Major companies have the resources to pay for top-of-the-line legal teams and financially endure litigation for years — but they don’t always come out victorious when they are sued. Large companies like McDonald’s and Enron have had to pay out millions — and sometimes billions — as part of lawsuits and class-action settlements. For some, the lawsuits have put them out of business, but many are able to carry on despite these major financial setbacks.
Click through to find out why these companies were taken to court and how much some of their biggest failures cost them.
In 2008, Airborne agreed to pay $23.3 million to refund customers who bought the product, though the company did not admit to any wrongdoing, NPR reported. David Schardt, a senior nutritionist with the Center for Science in the Public Interest, brought a class-action lawsuit against Airborne for making misleading claims that the remedy can ward off colds and boost your immune system. Schardt argued that there was no scientific evidence for either claim. The court ruled in his favor.
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In 2016, Nokia sued Apple for patent infringement, claiming that Apple has relied on its patents related to software, video coding, chipsets, display, UI and antenna for years dating back to the release of the iPhone 3GS, TechCrunch reported. The companies settled for an undisclosed amount in May 2017, but Nokiamob reported that Apple ended up paying Nokia a whopping $2 billion. Despite the lawsuit, the companies buried the hatchet and agreed to what will hopefully be a lucrative collaboration on technologies, and research and development for future projects.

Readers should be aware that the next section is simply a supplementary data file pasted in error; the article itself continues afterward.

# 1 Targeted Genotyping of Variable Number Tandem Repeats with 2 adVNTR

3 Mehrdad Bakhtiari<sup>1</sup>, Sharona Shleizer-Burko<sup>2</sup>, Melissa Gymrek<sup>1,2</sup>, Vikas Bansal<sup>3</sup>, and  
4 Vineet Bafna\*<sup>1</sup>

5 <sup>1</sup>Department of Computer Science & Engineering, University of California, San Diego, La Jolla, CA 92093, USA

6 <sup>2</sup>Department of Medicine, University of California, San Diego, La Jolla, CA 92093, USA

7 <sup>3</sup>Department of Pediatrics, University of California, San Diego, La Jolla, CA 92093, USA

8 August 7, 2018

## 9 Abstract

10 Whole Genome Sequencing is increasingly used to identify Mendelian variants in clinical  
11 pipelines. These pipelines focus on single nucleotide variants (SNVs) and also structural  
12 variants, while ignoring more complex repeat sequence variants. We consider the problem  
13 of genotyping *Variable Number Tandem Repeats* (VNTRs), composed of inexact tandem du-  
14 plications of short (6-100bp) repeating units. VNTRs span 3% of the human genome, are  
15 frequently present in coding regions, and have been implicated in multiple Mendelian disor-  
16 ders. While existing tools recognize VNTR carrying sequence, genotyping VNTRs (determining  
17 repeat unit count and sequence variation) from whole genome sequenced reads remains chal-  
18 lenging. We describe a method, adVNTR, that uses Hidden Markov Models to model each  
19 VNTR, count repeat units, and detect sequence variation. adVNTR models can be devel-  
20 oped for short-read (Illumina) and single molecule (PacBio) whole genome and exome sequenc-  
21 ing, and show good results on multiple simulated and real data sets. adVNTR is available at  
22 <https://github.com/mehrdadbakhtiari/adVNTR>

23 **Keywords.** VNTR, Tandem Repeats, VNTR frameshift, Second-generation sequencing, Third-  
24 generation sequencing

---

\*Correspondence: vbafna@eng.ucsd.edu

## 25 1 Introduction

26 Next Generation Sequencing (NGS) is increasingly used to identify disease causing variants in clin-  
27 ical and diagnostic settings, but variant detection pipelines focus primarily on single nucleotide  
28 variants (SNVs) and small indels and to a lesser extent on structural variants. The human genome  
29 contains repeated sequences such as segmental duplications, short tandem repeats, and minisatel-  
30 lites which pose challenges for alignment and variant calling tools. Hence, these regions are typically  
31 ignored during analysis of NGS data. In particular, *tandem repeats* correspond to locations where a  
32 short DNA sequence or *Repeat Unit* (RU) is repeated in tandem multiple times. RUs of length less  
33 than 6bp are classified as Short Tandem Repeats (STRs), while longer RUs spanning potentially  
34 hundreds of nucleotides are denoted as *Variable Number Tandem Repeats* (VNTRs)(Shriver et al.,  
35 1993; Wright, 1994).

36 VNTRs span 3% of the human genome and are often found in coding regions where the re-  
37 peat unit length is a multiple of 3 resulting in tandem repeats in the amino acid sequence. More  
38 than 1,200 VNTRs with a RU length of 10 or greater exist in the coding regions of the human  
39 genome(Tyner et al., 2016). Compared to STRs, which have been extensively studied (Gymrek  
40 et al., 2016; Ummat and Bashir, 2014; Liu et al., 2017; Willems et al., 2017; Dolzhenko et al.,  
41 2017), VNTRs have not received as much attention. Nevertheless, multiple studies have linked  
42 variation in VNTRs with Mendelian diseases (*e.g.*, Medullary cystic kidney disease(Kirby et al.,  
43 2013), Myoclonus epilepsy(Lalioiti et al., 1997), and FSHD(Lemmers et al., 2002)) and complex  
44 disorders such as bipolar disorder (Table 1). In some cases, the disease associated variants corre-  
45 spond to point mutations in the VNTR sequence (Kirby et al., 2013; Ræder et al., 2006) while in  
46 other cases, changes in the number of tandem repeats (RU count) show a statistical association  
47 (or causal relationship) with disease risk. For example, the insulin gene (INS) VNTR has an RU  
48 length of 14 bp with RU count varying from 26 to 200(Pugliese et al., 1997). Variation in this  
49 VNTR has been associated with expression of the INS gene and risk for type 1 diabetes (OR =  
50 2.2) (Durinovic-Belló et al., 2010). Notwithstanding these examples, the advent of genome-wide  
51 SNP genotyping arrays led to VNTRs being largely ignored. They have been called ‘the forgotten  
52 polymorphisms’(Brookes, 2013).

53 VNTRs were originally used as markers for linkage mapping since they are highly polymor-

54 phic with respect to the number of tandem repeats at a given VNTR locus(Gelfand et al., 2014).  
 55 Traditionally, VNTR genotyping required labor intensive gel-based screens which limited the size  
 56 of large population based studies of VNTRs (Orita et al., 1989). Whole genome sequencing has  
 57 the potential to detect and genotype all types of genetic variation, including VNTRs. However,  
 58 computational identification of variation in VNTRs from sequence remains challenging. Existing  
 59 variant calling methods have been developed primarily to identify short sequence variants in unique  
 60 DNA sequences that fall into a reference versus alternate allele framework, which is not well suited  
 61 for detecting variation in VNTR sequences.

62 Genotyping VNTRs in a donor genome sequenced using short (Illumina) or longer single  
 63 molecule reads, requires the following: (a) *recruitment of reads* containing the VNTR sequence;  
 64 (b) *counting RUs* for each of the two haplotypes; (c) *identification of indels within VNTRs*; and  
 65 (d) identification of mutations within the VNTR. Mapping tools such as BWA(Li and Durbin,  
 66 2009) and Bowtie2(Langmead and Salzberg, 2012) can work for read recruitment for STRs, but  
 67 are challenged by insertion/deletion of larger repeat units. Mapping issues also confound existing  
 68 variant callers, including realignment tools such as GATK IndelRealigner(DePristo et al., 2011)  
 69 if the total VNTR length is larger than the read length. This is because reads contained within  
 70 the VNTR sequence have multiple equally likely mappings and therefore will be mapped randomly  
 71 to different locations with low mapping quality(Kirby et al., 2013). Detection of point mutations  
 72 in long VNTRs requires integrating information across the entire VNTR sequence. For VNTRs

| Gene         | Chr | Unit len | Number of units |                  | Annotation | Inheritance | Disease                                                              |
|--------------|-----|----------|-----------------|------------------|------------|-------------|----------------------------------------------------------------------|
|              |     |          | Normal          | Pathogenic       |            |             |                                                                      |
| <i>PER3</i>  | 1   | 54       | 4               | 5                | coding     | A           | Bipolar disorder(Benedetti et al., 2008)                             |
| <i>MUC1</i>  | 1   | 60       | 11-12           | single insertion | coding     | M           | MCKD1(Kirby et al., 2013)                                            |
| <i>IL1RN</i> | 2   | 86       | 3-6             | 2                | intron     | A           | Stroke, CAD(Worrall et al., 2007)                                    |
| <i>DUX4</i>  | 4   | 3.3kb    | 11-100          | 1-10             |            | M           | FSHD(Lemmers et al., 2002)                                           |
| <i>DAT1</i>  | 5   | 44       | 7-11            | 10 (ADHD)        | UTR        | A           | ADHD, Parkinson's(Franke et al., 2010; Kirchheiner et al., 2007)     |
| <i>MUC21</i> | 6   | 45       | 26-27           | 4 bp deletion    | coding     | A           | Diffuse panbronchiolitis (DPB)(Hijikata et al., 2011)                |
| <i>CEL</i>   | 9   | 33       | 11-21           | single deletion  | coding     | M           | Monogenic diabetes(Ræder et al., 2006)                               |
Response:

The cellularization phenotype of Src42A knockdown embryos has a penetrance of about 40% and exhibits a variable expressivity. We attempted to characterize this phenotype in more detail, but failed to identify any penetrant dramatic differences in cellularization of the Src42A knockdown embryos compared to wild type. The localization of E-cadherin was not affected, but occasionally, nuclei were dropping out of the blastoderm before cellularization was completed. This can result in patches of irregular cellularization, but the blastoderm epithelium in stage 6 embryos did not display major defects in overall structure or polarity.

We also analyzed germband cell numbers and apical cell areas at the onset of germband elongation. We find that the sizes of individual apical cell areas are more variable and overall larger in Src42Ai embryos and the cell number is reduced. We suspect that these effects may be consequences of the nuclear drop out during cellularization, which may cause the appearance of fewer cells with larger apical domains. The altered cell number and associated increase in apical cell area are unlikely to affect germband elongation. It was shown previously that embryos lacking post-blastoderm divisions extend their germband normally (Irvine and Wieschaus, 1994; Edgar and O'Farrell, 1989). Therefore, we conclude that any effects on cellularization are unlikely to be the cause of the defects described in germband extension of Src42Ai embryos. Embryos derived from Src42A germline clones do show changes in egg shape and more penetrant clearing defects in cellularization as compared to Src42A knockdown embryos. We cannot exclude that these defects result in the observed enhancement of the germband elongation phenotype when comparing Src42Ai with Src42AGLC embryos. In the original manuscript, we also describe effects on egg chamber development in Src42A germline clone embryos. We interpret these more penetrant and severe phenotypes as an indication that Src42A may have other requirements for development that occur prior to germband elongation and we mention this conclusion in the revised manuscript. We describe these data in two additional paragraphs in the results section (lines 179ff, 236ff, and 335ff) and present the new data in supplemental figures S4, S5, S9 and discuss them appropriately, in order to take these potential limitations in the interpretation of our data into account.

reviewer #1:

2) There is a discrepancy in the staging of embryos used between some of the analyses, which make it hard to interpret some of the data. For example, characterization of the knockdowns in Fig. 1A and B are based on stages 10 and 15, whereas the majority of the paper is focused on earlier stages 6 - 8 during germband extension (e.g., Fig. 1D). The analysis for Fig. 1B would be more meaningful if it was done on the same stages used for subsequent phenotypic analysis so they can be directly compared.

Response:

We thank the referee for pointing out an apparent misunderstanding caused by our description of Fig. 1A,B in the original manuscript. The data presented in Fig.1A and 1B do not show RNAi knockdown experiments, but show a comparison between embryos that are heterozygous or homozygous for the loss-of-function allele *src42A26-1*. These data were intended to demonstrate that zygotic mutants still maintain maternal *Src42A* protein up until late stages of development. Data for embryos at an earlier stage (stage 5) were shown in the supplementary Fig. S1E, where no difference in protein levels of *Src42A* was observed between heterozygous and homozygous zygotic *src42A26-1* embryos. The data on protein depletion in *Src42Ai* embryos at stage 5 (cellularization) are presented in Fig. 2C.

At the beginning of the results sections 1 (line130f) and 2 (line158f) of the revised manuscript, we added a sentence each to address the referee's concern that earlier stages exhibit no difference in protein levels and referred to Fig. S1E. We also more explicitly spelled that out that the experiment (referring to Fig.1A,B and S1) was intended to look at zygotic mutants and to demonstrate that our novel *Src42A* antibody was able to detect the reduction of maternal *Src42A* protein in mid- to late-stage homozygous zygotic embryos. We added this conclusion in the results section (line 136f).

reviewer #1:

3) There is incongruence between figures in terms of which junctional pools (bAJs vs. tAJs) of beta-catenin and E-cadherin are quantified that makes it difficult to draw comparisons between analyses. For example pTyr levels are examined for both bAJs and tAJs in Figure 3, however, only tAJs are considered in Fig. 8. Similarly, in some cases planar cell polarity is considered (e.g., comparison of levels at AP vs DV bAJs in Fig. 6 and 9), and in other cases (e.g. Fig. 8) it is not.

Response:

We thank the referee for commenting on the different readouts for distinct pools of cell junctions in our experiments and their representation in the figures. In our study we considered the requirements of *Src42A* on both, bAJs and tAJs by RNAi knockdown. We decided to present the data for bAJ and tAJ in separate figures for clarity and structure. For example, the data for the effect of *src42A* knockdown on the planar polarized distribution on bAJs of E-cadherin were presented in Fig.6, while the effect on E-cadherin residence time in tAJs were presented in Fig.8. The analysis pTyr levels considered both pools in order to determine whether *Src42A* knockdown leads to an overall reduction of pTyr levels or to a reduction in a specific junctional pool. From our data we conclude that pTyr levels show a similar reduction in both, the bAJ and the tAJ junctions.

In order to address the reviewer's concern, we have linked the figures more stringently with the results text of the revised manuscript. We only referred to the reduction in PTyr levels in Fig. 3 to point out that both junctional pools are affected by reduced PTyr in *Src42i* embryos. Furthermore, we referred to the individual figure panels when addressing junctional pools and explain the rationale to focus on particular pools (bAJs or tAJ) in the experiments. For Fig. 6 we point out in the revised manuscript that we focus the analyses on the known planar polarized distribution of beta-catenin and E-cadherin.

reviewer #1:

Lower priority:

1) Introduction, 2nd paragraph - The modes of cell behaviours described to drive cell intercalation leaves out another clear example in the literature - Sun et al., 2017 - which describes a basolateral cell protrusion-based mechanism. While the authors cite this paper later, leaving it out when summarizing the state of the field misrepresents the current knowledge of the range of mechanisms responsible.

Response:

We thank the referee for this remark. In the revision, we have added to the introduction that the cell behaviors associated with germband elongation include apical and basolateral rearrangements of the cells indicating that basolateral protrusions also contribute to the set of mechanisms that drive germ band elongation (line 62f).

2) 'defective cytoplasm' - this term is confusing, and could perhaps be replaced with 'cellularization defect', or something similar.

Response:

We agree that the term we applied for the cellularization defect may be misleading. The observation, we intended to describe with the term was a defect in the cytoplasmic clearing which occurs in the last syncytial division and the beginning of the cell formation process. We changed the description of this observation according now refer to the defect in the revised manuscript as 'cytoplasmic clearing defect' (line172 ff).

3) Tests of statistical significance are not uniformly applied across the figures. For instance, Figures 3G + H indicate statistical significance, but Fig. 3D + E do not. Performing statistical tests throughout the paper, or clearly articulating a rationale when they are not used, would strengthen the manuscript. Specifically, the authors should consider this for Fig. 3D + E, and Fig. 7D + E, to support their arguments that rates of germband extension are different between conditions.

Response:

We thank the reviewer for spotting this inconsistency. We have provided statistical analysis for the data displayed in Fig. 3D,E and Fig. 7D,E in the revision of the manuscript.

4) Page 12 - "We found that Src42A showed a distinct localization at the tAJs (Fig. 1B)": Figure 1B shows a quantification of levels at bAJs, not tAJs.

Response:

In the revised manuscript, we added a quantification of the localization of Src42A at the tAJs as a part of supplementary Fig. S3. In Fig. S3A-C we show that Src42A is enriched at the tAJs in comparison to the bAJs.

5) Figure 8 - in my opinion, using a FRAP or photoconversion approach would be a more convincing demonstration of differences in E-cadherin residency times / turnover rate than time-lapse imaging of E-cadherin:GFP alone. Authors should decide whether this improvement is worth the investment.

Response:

Dannon was ordered to pay up to $45 million in damages to consumers under the terms of a class-action lawsuit that was settled in 2010, which found that the company had been falsely advertising the alleged health benefits of its Activia and DanActive yogurts as being clinically and scientifically proven.
The company’s legal troubles began when Trish Wiener of Los Angeles filed a federal lawsuit against Dannon, stating that the yogurt did not improve her digestion, and yet the company was charging higher prices than other yogurts. She alleged that the company’s claims were false and deceptive, ABC News reported.